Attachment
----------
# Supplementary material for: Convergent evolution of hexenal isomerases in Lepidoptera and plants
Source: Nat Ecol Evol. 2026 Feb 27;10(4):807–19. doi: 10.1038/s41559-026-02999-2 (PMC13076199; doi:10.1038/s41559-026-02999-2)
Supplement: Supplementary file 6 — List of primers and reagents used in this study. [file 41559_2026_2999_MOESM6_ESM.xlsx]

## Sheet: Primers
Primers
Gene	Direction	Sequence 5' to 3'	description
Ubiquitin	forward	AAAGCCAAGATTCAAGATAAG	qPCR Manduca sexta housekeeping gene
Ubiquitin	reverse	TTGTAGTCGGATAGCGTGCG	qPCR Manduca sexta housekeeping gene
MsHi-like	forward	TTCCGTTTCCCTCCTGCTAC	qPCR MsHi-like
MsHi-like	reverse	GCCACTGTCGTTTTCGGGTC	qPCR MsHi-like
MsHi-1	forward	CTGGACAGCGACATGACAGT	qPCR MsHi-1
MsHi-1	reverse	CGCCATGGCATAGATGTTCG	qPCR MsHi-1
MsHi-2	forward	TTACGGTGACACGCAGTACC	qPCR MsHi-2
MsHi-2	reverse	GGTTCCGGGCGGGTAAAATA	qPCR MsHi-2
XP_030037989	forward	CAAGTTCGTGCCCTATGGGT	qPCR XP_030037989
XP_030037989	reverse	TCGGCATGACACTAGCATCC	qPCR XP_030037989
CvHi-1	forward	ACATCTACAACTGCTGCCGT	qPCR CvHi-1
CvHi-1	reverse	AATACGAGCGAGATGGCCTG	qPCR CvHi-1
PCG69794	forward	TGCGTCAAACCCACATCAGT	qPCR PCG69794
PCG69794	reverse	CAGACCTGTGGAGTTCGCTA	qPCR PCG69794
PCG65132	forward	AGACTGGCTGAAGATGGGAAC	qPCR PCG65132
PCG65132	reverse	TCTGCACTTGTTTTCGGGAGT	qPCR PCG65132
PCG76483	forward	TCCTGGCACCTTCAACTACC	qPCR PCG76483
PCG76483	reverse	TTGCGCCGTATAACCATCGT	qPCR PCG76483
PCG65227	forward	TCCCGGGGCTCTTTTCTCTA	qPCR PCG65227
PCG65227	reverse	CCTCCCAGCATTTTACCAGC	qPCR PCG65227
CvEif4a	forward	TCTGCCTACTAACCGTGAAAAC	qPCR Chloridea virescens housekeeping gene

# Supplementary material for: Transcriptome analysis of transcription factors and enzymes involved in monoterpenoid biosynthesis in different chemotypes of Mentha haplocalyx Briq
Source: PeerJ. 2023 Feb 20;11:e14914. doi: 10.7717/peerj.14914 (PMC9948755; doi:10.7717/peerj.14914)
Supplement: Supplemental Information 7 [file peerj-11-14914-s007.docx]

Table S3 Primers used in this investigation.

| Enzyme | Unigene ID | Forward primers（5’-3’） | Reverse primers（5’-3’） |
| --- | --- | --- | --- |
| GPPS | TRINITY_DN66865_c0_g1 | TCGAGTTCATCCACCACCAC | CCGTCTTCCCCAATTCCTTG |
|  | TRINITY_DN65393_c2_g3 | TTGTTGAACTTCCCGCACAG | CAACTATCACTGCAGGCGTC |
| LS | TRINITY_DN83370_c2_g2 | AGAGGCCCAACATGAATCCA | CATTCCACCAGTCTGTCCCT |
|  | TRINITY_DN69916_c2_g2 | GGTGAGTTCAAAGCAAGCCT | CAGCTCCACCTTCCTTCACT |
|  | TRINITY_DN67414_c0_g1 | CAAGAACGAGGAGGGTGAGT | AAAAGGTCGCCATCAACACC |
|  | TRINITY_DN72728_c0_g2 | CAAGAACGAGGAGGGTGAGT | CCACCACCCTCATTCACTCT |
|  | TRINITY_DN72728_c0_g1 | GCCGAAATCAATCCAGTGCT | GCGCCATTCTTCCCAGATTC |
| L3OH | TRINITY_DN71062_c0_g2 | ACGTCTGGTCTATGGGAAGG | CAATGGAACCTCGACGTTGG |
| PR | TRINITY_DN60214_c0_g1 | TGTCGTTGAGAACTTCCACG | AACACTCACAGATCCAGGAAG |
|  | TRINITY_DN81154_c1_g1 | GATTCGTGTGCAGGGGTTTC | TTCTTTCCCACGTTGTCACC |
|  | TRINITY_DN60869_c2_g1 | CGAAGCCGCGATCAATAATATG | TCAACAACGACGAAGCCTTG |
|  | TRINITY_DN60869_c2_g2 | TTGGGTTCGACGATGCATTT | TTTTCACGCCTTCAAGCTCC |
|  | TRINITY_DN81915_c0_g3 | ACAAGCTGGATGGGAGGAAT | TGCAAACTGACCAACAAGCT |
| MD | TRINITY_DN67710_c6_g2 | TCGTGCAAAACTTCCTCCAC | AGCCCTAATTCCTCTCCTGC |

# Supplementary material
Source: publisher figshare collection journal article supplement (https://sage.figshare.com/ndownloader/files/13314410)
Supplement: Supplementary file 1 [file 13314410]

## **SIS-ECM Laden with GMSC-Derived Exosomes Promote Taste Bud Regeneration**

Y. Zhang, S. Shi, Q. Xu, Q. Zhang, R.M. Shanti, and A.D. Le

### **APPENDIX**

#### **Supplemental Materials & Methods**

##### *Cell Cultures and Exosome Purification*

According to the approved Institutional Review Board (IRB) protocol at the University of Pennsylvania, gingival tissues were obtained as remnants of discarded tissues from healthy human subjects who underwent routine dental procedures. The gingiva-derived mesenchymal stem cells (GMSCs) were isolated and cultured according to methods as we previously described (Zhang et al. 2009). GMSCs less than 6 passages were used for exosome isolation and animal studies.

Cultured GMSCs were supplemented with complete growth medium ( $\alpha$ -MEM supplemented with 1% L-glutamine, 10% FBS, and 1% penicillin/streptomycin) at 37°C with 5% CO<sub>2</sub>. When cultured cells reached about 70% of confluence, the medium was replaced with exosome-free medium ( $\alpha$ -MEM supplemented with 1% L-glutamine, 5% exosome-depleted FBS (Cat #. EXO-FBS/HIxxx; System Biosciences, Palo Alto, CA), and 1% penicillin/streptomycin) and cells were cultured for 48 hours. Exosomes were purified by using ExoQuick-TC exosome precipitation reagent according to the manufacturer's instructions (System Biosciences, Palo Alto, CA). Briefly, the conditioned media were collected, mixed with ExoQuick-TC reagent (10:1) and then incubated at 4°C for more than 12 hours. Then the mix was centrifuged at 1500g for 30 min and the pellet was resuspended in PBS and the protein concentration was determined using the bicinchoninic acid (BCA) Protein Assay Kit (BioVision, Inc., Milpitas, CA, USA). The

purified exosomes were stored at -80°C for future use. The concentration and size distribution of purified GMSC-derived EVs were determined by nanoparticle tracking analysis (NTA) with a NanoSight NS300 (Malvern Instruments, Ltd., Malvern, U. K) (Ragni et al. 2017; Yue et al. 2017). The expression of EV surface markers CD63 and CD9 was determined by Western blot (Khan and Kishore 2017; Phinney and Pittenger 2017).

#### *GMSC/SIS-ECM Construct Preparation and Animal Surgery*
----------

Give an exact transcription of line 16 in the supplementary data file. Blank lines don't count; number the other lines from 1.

XP_030037989	reverse	TCGGCATGACACTAGCATCC	qPCR XP_030037989